The n-terminal region of yeast protein phosphatase ppz1 is a determinant for its toxicity

Carlos Calafí, María López-Malo, Marcel Albacar, Antonio Casamayor, Joaquín Ariño*

*Corresponding author for this work

Research output: Contribution to journalArticleResearchpeer-review

Abstract

The Ppz enzymes are Ser/Thr protein phosphatases present only in fungi that are characterized by a highly conserved C-terminal catalytic region, related to PP1c phosphatases, and a more divergent N-terminal extension. In Saccharomyces cerevisiae, Ppz phosphatases are encoded by two paralog genes, PPZ1 and PPZ2. Ppz1 is the most toxic protein when overexpressed in budding yeast, halting cell proliferation, and this effect requires its phosphatase activity. We show here that, in spite of their conserved catalytic domain, Ppz2 was not toxic when tested under the same conditions as Ppz1, albeit Ppz2 levels were somewhat lower. Remarkably, a hybrid protein composed of the N-terminal extension of Ppz1 and the catalytic domain of Ppz2 was as toxic as Ppz1, even if its expression level was comparable to that of Ppz2. Similar amounts of yeast PP1c (Glc7) produced an intermediate effect on growth. Mutation of the Ppz1 myristoylable Gly2 to Ala avoided the localization of the phosphatase at the cell periphery but only slightly attenuated its toxicity. Therefore, the N-terminal extension of Ppz1 plays a key role in defining Ppz1 toxicity. This region is predicted to be intrinsically disordered and contains several putative folding-upon-binding regions which are absent in Ppz2 and might be relevant for toxicity.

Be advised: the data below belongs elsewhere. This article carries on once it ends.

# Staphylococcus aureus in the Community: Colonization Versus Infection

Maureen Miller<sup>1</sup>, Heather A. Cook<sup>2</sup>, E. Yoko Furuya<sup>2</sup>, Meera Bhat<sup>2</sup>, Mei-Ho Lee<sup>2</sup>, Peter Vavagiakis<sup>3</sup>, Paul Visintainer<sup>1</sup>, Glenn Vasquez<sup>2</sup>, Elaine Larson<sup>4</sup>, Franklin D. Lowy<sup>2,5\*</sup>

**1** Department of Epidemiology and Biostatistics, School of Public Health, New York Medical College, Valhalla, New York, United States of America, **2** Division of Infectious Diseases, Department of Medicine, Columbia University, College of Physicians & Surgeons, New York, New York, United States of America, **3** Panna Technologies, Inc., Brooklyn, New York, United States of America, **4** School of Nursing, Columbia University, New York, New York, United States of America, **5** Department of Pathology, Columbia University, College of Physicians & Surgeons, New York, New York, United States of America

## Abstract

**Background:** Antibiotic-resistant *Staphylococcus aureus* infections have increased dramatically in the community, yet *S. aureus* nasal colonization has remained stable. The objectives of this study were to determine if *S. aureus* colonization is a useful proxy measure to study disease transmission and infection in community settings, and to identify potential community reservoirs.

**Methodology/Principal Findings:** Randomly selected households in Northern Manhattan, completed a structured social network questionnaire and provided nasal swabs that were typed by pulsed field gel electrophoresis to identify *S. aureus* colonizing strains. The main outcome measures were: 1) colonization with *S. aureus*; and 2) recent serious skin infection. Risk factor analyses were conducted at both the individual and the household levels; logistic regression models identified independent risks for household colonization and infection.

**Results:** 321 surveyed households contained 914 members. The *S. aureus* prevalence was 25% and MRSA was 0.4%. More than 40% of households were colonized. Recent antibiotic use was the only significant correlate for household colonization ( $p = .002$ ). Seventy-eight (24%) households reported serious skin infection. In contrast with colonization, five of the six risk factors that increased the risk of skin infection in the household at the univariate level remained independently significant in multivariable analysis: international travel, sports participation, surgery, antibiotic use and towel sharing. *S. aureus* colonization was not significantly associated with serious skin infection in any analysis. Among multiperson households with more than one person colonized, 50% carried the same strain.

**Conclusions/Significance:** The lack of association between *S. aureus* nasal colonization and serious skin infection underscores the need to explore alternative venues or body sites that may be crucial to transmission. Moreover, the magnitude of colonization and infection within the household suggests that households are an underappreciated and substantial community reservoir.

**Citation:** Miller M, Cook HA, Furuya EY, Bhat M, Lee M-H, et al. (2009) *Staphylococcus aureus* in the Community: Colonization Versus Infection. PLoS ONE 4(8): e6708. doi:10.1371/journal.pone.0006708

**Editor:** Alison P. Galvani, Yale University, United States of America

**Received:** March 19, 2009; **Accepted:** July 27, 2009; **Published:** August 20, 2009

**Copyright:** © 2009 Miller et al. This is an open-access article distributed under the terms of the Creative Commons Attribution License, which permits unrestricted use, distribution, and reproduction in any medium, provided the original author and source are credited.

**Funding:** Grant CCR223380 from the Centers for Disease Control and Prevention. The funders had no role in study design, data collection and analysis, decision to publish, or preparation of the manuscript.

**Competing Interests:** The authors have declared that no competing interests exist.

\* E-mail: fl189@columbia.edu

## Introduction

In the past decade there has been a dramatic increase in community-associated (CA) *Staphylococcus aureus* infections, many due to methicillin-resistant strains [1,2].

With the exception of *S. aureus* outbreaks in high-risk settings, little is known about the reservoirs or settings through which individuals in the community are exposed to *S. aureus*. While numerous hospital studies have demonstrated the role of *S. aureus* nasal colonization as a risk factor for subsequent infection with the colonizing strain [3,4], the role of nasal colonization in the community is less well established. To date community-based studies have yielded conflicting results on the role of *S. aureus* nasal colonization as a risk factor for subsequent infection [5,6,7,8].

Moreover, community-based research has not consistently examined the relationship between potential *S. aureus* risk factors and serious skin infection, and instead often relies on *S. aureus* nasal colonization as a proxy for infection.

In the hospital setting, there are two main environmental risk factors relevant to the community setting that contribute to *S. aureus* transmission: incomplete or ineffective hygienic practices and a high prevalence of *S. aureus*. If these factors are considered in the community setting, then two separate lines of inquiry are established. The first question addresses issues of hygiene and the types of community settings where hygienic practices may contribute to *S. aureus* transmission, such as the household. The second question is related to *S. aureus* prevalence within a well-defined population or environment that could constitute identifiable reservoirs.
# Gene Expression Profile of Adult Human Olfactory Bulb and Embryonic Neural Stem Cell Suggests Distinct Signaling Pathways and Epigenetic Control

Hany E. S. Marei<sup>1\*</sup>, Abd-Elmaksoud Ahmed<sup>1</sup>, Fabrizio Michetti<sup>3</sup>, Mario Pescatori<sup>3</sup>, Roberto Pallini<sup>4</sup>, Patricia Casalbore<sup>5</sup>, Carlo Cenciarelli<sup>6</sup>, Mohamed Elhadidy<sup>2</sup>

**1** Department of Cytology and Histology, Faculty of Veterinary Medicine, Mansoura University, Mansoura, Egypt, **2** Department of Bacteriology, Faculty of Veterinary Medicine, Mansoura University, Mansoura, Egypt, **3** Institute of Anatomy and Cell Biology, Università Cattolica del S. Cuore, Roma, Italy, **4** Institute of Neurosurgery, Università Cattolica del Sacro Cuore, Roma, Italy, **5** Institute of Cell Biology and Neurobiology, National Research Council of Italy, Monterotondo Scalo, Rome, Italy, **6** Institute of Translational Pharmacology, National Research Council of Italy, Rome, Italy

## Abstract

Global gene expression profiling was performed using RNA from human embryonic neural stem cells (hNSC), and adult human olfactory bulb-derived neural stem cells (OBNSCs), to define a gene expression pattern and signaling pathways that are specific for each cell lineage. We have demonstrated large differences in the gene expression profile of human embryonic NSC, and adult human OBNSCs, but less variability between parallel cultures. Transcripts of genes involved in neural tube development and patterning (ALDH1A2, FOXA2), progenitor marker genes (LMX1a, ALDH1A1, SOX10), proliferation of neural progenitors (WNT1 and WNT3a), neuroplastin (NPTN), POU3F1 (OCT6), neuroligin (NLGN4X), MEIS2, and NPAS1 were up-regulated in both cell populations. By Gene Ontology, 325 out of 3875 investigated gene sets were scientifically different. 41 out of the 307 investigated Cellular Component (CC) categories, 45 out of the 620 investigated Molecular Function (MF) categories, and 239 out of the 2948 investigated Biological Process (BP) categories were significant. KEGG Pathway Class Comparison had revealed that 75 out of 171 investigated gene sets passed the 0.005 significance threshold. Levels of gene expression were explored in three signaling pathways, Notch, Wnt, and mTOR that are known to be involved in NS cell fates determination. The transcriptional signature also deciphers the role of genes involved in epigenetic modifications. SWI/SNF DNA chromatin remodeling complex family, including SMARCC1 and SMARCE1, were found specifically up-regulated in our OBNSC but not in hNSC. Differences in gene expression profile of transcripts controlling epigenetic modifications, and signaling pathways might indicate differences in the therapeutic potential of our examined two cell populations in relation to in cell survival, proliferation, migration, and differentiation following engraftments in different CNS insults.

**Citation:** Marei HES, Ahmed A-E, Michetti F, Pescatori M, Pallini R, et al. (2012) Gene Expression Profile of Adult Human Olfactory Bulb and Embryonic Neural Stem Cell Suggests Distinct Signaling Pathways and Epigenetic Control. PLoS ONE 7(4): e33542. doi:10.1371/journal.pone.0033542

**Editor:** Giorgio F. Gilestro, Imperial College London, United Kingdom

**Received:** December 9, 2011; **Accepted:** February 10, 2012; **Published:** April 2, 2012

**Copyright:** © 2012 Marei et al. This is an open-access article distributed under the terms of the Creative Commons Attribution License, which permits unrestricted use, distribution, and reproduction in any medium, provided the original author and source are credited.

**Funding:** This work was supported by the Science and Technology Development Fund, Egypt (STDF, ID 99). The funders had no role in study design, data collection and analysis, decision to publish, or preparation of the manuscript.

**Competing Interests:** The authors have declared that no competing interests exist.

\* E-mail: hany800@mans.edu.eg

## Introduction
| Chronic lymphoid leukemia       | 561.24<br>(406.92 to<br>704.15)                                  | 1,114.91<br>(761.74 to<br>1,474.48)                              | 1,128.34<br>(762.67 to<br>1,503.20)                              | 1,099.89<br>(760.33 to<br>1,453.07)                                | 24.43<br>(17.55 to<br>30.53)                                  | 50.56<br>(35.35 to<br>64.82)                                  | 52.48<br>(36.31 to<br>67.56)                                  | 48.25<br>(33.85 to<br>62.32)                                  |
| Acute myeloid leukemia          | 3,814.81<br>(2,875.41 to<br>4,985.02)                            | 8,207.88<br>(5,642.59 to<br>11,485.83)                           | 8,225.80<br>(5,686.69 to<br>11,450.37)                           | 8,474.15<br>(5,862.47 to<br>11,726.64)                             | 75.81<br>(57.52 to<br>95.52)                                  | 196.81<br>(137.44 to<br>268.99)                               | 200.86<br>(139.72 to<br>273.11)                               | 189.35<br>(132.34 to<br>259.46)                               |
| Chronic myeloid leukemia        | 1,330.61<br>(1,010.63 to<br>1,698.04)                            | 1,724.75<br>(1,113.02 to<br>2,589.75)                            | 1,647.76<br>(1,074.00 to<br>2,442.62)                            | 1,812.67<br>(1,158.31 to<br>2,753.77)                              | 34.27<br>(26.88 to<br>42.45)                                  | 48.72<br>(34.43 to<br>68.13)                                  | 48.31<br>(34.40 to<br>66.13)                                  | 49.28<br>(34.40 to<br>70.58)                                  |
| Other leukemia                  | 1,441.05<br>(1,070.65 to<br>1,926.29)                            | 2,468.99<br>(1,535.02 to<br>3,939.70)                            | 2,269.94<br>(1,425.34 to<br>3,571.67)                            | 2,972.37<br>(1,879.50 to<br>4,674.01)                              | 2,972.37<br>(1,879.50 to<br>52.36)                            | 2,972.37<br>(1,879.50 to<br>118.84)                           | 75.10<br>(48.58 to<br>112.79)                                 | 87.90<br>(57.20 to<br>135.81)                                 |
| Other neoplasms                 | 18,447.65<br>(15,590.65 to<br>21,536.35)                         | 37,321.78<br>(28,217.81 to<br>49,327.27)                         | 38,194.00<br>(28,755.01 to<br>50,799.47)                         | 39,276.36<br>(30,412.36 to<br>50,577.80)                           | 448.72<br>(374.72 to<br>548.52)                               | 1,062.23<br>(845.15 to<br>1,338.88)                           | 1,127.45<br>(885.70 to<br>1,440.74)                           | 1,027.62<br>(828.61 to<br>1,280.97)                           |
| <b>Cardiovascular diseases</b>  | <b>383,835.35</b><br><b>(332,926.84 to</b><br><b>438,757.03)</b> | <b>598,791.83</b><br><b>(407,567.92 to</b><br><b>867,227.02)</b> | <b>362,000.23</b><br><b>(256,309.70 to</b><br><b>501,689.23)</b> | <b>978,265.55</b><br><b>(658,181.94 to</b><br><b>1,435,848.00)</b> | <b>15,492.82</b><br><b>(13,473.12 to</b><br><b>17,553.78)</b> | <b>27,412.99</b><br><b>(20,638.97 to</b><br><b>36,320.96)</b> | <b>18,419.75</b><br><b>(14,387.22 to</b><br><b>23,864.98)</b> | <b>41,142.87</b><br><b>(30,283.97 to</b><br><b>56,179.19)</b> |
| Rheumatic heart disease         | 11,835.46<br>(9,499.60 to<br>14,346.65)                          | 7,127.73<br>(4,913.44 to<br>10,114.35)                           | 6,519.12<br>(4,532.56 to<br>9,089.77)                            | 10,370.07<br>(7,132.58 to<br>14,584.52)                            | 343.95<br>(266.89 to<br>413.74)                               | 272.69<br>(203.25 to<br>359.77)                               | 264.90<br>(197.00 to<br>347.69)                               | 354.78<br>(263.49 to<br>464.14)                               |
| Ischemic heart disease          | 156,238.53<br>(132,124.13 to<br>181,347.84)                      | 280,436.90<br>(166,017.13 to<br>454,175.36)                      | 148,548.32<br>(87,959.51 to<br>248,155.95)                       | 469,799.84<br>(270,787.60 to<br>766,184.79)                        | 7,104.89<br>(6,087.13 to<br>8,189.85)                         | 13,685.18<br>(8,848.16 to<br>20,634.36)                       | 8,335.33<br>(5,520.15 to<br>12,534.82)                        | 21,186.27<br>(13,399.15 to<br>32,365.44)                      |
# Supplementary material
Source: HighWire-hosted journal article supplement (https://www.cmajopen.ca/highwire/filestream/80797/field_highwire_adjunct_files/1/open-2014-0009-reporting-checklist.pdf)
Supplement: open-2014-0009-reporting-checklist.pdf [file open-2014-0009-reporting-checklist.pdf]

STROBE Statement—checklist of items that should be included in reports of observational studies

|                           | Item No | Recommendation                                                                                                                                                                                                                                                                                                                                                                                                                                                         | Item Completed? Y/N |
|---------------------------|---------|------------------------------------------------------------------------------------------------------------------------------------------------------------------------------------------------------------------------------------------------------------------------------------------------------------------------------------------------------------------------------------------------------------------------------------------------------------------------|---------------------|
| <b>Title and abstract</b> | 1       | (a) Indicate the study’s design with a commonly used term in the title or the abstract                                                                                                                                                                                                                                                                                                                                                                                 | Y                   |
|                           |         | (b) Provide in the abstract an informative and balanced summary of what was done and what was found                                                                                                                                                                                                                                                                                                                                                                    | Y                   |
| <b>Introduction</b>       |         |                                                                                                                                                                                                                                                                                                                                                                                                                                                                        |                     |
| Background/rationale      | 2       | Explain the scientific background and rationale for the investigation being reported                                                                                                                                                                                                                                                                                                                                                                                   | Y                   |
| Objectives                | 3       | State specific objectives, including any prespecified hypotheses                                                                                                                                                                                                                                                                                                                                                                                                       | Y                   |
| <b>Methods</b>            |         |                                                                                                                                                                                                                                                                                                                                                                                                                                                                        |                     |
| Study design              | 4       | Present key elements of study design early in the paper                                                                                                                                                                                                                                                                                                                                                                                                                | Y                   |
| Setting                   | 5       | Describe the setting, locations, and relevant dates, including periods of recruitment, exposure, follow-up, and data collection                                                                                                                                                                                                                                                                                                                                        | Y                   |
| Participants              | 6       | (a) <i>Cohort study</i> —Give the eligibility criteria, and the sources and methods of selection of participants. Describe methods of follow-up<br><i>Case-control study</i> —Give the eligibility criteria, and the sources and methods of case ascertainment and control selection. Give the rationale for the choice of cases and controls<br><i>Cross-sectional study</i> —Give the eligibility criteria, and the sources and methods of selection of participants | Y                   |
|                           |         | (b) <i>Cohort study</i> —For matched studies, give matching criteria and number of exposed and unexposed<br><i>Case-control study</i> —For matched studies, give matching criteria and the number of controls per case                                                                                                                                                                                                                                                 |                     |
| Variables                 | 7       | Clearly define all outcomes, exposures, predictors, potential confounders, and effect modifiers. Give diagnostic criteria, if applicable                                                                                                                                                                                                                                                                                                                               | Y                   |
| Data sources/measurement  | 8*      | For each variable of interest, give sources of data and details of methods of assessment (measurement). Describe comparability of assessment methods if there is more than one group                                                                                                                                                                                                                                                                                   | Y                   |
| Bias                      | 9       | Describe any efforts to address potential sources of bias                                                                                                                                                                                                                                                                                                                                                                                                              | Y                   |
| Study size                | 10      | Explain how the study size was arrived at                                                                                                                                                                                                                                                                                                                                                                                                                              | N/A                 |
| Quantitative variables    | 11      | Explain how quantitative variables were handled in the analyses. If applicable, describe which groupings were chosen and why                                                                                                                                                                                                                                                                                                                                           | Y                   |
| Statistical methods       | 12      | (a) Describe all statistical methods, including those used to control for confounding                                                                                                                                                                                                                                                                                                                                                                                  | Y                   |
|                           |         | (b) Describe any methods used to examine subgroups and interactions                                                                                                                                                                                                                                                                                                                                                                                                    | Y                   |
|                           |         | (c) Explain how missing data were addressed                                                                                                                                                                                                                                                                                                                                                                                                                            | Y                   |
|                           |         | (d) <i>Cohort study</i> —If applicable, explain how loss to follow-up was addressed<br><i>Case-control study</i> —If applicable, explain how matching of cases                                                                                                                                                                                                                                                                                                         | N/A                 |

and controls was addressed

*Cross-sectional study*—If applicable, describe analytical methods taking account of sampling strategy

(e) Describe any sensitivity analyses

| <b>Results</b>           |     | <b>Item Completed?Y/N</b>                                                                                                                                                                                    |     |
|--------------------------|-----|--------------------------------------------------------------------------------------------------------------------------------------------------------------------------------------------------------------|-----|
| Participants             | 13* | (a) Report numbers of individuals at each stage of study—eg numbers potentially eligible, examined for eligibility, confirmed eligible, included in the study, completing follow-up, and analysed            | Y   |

Original languageAmerican English
Article number7733
Pages (from-to)1-16
Number of pages16
JournalInternational Journal of Molecular Sciences
Volume21
Issue number20
DOIs
Publication statusPublished - 2 Oct 2020

Keywords

  • Cell growth arrest
  • Hybrid proteins
  • Protein phosphatases
  • Saccharomyces cerevisiae

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